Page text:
The secret son

ONCE UPON A TIME THE­RE WAS A SA­CRED TREE. LE COR­BU­SIER BUILT A HOUSE AROUND IT. THEN THE TREE DIED. END OF STO­RY. OR MAYBE NOT?

AD (Italy) - - English Texts - words GIO­VAN­NI MON­TA­NA­RO

Bla­me it on the rain. An unu­sual­ly wet spring in Cor­seaux, on the righthand si­de of La­ke Ge­ne­va. But maybe it was ju­st fa­te. No buds on ff­ty Pau­lo­w­nia bran­ches. Lost in that unex­pec­ted mud, dro­w­ned. Even the seeds see­med ex­tinct. Pa­trick Mo­ser, con­ser­va­tor of Vil­la Le Lac, had them plan­ted in Pa­ris, at Boulogne-sur-Mer, Ro­que­bru­ne- Cap-Mar­tin, Brus­sels, four car­di­nal poin­ts, di­fe­rent la­ti­tu­des, di­fe­rent skies. But no­thing grew. You can try eve­ry­thing, so­me­ti­mes, but no­thing works. That tree is unique, no other tree will do. Le Cor­bu­sier was al­rea­dy forty when he de­si­gned the Vil­la. He hadn’t been Le Cor­bu­sier for long, thou­gh. Not ju­st be­cau­se he was star­ting, la­te, to de­si­gn and build, to real­ly be an ar­chi­tect, but al­so un­til re­cen­tly he had cal­led him­self Char­les-Edouard Jean­ne­ret- Gris. He cho­se his alias, “the crow”, in 1920, using it for the fr­st time to si­gn ar­ti­cles in the magazine Esprit Nou­veau. A ga­me, to be mo­re than one person. A ne­ces­si­ty, be­cau­se that pu­bli­ca­tion of pau­pers had to pre­tend to have a bigger staf. Vil­la Le Lac was al­so a wa­ger of sorts. It con­tains al­mo­st all of Le Cor­bu­sier, three of the fve ele­men­ts of his modern ar­chi­tec­tu­re, as ex­pres­sed in Vers une ar­chi­tec­tu­re in 1923: the roof­gar­den, the free plan, the rib­bon win­dow. On­ly the pil­lars and the free fa­ca­de are mis­sing. In the tra­di­tion of his vil­las, at Le Lac Le Cor­bu­sier in­ven­ts not ju­st the walls, but al­so what is abo­ve them, ou­tsi­de

them, ma­king an out­door room, the “sal­le de ver­du­re”. The house never fni­shes, it ex­tends to the shore of the la­ke, in­to the wa­ter, the grass, the hills. White walls on a black ba­se, dark doors, but then he lea­ves one si­de ga­ping, to de­scend to the wa­ter. On one wall that in­ten­tio­nal­ly blocks the view, he opens a win­dow looking to­wards the la­ke; not a con­cep­tual drift, but art and na­tu­re, ga­ze and land­sca­pe are pe­rhaps the sa­me thing. In the middle, in the grass, he de­ci­des to plant a tree that is co­lumn and roof, but al­so a ta­ble­ma­te. Le Cor­bu­sier thinks about cher­ry, pi­ne, aca­cia, po­plar, wil­low. Then he op­ts for Pau­lo­w­nia, tall, ma­je­stic, sprea­ding in all di­rec­tions, clad in li­chen. The tree is the­re th­rou­gh the 1900s, af­ter 1965 when Le Cor­bu­sier pas­ses away. A mo­nu­ment that con­ti­nues to grow, to live, vi­si­ted by ar­chi­tec­ts and stu­den­ts. They are not on­ly looking for Le Cor­bu­sier. They bring their de­si­res, que­stions. That giant Pau­lo­w­nia be­co­mes a pla­ce of pil­gri­ma­ge. But things come to an end. At the start of the new mil­len­nium a fun­gus at­tacks the trunk. A slow, pain­ful, human death, in spi­te of fu­ti­le rescue at­temp­ts. Gar­de­ners bot­ch the job, cut­ting the fo­lia­ge in­stead of wor­king on the trunk. It’s ho­pe­less. The tree is fel­led in 2013. Bran­ches and seeds are con­ser­ved, in the ho­pe of clo­ning or re­pro­duc­tion. Pa­trick Mo­ser, with ECAL, the Uni­ver­si­ty of Art and De­si­gn Lau­san­ne, de­ci­des the trunk must live on. So­meo­ne sug­gests ma­king pen­cils, so the bran­ches can be­co­me words, si­gns, co­lors. But the com­pa­nies con­tac­ted re­fu­se to do a pro­duc­tion run of less than one million. Not the right choi­ce. Cas­si­na un­der­stands, and calls in Jai­me Hayon to ma­ke ob­jec­ts, as long as the wood lasts. Thou­gh the wood is stub­born, hard. Hayon in­ven­ts three ob­jec­ts; The Bird, for letters, The Bird House, for ob­jec­ts, and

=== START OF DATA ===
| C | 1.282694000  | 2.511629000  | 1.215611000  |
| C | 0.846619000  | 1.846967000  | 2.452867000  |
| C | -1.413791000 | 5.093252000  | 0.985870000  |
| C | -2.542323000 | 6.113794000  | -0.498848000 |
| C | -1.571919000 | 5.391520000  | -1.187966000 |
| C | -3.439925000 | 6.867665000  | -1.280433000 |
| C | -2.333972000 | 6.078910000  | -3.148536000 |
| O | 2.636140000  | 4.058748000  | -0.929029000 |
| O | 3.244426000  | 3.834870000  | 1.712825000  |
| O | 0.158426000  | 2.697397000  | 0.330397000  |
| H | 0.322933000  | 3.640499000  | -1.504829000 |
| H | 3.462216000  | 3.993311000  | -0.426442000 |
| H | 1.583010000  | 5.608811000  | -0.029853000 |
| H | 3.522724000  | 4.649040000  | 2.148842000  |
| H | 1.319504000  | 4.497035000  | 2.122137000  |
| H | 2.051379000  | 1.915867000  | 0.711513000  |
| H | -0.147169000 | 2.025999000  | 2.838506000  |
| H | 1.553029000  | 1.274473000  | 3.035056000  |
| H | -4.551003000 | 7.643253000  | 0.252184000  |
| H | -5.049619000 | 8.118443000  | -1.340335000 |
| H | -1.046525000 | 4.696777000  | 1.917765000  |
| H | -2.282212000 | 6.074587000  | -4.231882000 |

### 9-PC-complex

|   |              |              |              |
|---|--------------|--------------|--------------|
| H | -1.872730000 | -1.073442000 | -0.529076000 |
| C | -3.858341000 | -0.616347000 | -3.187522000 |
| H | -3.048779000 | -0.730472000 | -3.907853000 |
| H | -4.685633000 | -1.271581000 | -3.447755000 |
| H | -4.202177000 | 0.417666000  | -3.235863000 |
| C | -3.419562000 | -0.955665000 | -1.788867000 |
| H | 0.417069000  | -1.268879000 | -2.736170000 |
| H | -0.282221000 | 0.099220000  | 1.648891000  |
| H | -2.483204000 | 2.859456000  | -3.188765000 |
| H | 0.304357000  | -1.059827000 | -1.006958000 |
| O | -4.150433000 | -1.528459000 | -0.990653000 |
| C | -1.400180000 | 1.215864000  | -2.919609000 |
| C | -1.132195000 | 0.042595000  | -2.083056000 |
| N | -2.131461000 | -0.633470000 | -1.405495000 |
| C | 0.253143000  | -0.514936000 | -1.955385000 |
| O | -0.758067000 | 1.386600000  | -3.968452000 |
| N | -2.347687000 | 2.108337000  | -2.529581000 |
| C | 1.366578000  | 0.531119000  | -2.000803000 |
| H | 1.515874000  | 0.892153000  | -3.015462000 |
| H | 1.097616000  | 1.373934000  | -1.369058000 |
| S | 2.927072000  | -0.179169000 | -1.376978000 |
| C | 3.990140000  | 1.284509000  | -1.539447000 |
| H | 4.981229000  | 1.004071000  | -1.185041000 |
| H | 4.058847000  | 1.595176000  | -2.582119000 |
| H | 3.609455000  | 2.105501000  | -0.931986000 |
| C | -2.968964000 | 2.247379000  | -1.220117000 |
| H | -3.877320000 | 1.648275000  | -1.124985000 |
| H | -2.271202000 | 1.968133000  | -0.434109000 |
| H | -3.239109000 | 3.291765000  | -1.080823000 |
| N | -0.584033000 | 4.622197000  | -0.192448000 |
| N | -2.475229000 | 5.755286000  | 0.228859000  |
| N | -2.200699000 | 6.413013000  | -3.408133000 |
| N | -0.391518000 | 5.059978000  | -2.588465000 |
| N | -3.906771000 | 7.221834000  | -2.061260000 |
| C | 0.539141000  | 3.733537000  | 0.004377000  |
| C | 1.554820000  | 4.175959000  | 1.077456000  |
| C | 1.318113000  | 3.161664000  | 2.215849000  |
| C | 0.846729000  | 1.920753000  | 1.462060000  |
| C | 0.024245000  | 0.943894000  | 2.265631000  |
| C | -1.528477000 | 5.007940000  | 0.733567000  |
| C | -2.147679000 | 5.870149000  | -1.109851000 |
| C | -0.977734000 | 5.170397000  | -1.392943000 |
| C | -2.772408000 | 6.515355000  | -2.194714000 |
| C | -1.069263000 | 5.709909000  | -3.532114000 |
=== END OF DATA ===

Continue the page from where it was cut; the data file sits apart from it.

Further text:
The Led­ge, in the form of a swing. They are use­ful in the home, but fy ou­tsi­de. A house doe­sn’t end inside its walls, and looking at tho­se ob­jec­ts is a bit li­ke re­tur­ning to Le Lac, on the shore. Life goes on; ano­ther Pau­lo­w­nia is plan­ted. A di­fe­rent family, but in the end it is a sym­bol. In the spring of 2014 Mo­ser goes out on the vil­la’s ter­ra­ce, on an or­di­na­ry day. Sud­den­ly he no­ti­ces so­me­thing, on the wall to­wards the la­ke. A green tuft, a twig, the­re’s wood, al­mo­st in­vi­si­ble, but too big to be ju­st a weed. Mo­ser runs do­wn­stairs. And he sees it. Ju­st a bran­ch, a small bran­ch, but li­ke any bran­ch it is al­rea­dy a tree, a giant. He ge­ts it ana­ly­zed, thou­gh he is al­rea­dy cer­tain; it is the Pau­lo­w­nia of Le Cor­bu­sier, the tree has been re­born. A seed no­bo­dy plan­ted, no­bo­dy no­ti­ced, drop­ped the­re who kno­ws how, a few me­ters away, pro­tec­ted by the sto­ne. Who kno­ws how it ma­na­ged to put do­wn roo­ts, to gain nou­rish­ment? Life is mar­ve­lous, full of gif­ts. The twig gro­ws, now 50 cm high, plan­ted at Bour­se aux Ar­bres, a near­by nur­se­ry. When it is big enou­gh it will re­turn to the la­ke.

THE TREE IS THE­RE TH­ROU­GH THE 1900S, AF­TER 1965 WHEN LE COR­BU­SIER PAS­SES AWAY. A MO­NU­MENT THAT CON­TI­NUES TO GROW. THAT GIANT PAU­LO­W­NIA BE­CO­MES A PLA­CE OF PIL­GRI­MA­GE.

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